Best Fans In the World: Irish Identity in Global Media Culture


It’s a curious paradox at the heart of digital journalism that while the Internet continues to diminish the culturally constrictive effect of  national political borders, giving users access to content far beyond the limits of their own nation; the appeal of national difference seems to have nonetheless remerged prominently in the digital age. In academic circles, this curious situation has not gone unnoticed with R.J. Holton, among others, arguing that “the local is not vanquished by the global but awakens within it.” Furthermore, the recent resurgence in right wing nationalist political movements in the US, Britain, Austria and elsewhere has not only been cause for concern, but also for significant journalistic investigation.

This revival of nationalism also manifests itself in other, less alarming but nevertheless curious ways. Digital journalism has been notable in leveraging this trend through the foregrounding of local and national identity. From an Irish perspective, the emergence of websites such as (2010), (2012) and (2016), overtly positioning themselves as national outlets operating in an international medium, demonstrates the prominence of the resurgence in the appeal of national identity. This was rarely clearer than an article posted by the Daily Edge in February of this year: ‘9 brilliant Irish responses to the scourge of the general elections posters.’ An Irish humour site tweeting about reactions to the ongoing Irish general election, feeling apparently obliged to highlight the ‘Irishness’ of the “brilliant responses.” Absurd as it may seem, the post gained considerable social media traction (over 100 favourites and over 80 retweets).

The cachet apparently carried by national identity in the modern media sphere is perhaps best demonstrated by examining advertising. Advertising’s leverage of such cultural trends may seem more direct than in journalism, but in other ways the boundaries between the two fields grows progressively blurrier. In 2003 Katherine Toland Frith and Barbara Mueller characterised advertising as an “unwelcome intrusion,” distinct from other forms of media in forcing itself upon the audience. However, the advent of social media has seen journalism intrude upon audiences via sponsored links, retweets and shares. Advertising banners and links embedded in online articles further muddy the waters of where to draw the line between advertising and journalism. On occasion advertising brands have even cut out the middle man, so to speak, by paying for sponsored articles to feature on a website amid its ‘organically’ commissioned articles.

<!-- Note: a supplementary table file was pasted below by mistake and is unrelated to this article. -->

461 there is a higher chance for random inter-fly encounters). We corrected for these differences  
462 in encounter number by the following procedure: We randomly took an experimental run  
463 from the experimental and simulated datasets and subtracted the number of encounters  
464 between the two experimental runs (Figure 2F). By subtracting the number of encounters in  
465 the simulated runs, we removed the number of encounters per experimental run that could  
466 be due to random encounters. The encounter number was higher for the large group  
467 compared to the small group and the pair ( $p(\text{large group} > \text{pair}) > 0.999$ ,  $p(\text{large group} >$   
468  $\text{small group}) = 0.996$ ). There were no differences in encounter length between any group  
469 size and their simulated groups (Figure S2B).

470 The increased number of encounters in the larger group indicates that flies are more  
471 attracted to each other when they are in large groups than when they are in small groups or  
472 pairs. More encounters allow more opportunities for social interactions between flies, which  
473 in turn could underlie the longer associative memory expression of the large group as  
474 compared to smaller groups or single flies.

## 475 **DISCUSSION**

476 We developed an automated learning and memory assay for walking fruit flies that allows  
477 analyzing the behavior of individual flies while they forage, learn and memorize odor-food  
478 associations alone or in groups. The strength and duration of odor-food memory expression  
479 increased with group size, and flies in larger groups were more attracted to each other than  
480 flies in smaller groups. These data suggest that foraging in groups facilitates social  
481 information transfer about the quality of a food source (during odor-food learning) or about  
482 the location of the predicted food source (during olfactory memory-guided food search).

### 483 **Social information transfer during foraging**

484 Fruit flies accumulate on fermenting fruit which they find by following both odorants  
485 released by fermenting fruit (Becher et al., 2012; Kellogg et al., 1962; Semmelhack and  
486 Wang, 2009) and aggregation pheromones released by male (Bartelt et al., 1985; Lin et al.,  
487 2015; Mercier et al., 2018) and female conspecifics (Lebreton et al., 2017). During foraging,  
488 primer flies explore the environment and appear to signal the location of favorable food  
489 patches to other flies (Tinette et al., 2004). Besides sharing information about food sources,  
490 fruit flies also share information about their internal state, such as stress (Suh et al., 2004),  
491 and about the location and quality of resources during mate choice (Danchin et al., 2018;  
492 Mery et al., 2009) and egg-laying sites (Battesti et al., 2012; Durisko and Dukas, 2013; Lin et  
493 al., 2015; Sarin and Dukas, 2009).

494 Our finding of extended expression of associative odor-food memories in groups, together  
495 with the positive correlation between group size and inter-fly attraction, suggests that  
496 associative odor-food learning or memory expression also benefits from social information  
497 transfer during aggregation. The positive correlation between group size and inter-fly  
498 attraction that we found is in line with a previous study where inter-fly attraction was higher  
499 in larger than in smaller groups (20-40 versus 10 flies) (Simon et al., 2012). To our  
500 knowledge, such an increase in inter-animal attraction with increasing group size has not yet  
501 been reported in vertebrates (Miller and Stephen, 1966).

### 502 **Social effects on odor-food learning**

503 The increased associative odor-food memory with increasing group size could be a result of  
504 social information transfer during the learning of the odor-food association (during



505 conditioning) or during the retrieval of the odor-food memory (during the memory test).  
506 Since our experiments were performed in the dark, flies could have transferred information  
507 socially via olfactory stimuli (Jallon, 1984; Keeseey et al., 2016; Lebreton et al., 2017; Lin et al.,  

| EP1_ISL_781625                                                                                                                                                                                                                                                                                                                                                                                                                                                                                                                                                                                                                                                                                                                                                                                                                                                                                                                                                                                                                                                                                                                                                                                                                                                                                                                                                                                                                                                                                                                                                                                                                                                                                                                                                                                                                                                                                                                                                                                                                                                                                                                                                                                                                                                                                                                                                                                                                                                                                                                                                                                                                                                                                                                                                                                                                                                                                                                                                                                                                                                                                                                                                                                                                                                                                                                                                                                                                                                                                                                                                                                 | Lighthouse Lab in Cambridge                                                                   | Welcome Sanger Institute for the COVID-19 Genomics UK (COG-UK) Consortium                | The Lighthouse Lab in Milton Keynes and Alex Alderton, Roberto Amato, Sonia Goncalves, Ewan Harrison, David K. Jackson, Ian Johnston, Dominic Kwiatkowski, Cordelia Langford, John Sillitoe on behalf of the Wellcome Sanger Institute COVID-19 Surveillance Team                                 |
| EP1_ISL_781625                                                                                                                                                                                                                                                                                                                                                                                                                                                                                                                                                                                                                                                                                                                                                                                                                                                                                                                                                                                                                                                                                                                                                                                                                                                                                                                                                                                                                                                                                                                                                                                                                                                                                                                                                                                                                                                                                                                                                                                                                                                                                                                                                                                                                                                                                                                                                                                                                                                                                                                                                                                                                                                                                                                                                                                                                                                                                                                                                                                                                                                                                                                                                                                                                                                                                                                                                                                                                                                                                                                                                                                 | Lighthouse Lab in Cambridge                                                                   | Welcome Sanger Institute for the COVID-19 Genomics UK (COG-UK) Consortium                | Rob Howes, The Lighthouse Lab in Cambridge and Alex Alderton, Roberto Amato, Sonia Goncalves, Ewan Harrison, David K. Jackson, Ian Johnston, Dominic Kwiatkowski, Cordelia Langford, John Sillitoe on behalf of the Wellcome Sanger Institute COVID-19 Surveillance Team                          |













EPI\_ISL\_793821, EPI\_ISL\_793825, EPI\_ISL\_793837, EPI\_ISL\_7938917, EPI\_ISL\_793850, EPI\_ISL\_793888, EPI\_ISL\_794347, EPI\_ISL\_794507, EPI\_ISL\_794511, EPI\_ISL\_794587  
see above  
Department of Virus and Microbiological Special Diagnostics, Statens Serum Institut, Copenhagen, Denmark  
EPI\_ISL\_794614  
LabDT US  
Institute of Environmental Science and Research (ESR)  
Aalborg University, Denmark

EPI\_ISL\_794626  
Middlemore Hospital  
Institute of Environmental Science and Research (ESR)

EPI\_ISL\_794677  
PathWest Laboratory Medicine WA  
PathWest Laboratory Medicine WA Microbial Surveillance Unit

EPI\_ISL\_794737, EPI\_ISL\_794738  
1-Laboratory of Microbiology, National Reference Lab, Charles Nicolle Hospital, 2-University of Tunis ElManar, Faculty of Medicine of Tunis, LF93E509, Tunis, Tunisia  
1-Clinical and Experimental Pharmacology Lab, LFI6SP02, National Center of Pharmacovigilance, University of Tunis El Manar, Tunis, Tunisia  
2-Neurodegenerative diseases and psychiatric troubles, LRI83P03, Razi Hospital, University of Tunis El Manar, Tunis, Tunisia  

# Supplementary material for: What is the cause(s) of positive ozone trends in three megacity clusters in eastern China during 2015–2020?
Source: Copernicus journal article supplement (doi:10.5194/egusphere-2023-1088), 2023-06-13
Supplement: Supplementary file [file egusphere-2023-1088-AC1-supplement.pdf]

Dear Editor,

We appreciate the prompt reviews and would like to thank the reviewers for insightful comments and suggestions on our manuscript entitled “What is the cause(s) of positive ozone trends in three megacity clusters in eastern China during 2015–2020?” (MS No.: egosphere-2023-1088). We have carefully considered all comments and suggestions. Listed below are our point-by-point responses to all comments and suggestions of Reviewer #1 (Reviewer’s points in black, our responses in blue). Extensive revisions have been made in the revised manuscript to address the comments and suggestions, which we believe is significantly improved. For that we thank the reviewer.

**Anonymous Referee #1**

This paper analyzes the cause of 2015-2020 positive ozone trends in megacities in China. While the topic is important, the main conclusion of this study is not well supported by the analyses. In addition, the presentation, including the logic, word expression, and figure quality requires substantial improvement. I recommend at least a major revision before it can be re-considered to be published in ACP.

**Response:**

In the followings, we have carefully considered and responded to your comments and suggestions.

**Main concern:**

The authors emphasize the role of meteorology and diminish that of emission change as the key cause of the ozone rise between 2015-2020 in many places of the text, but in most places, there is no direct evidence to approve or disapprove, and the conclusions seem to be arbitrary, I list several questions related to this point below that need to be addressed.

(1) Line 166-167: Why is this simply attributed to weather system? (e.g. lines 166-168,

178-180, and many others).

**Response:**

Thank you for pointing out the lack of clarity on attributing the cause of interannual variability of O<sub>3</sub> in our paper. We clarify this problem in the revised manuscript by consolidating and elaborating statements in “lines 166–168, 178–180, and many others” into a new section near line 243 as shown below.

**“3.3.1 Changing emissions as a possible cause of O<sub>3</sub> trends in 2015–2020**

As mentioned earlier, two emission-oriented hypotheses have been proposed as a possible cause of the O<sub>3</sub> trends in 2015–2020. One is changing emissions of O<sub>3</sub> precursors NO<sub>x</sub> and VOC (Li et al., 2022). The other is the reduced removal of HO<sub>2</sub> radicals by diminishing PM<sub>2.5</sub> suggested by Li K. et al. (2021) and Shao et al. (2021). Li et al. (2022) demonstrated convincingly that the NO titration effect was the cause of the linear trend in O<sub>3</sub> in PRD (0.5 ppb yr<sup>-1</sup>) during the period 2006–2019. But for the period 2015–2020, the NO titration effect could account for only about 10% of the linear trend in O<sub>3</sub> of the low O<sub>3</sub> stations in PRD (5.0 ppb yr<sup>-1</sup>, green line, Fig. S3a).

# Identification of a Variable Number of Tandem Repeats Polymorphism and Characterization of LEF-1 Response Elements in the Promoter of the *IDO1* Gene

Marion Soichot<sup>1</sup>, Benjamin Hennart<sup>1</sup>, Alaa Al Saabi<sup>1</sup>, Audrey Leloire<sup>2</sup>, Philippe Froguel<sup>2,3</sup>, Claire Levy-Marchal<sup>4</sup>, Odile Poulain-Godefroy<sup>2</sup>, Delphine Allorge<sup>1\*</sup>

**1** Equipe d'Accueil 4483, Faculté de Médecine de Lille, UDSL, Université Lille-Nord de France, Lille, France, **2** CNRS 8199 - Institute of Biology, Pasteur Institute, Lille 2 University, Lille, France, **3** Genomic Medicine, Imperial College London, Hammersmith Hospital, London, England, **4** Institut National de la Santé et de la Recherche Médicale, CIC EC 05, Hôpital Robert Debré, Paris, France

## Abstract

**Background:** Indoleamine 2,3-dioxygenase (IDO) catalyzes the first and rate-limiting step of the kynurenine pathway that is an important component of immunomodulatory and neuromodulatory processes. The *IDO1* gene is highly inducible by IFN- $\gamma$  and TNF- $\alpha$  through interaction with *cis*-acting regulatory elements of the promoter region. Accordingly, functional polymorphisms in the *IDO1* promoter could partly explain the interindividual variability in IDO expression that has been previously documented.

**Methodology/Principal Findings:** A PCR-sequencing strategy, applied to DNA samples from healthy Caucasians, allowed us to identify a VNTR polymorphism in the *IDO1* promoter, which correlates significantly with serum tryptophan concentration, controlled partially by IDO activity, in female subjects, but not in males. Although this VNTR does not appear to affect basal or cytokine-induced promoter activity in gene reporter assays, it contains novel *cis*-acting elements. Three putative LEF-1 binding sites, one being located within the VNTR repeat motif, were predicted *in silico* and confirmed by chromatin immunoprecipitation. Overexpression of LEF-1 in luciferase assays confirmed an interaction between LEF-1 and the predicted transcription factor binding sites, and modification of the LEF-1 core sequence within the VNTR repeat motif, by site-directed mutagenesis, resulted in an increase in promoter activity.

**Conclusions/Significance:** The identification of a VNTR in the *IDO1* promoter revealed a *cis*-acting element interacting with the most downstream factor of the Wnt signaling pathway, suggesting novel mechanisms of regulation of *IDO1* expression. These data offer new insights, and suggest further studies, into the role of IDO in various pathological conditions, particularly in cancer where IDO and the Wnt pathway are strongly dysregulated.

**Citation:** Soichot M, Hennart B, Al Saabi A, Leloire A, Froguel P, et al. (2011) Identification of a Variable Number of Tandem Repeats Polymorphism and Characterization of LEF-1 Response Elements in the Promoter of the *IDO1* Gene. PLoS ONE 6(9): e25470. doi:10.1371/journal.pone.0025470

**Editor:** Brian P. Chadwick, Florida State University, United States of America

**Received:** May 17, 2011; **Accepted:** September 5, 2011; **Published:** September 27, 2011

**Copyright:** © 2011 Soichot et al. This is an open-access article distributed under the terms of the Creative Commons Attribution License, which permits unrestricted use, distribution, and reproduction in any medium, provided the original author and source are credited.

With this in mind, we can examine advertising’s highlighting of the local through a global medium as a window into the appeal of what we might describe as ‘digital cultural nationalism,’ for online journalism. Within the Irish context, the relatively recent rise of Three Mobile –the brand’s share in the Irish mobile phone services market has more than quadrupled over the last four years – is a revealing example of the commercial significance of this appeal. In 2010 Three began sponsoring the Republic of Ireland football (soccer) international team, and in 2014 they took over O2’s role as sponsor to the Irish international rugby union team following their takeover of the latter company. These high profile national sports sponsorship arrangements have been among the biggest factors in their notable rise in consumer engagement.

They are not alone in attempting to connect their brand to national identity through sport. It is a tactic which stretches at least as far back as Guinness’ efforts in post-independence Ireland, but certain elements of Three’s efforts are particularly representative of ‘digital cultural nationalism.’ Notably throughout the advertising campaigns produced for both sponsorships, there is a recurring urge to elevate ‘Irishness’ beyond a being just a sign of cultural distinctiveness and instead into a quality of international renown. ‘All it Takes,’ a 2015 campaign commissioned by Three to spotlight their sponsorship of the Irish rugby team, features multiple references to the Irish players as being “among the best in the world” or “playing at the highest level” in its supplementary material (social media posts, press releases, interviews etc.). The content of the main television advertisement for the campaign stops short of outright proclaiming Ireland’s high standing within world rugby, but the combination of the surreal imagery (Irish players are seen crashing through rhinos and bursting into flames with strength) and narration (which sees team manager Joe Schmidt emphasise the incredible effort it takes to play for the team) implies as much.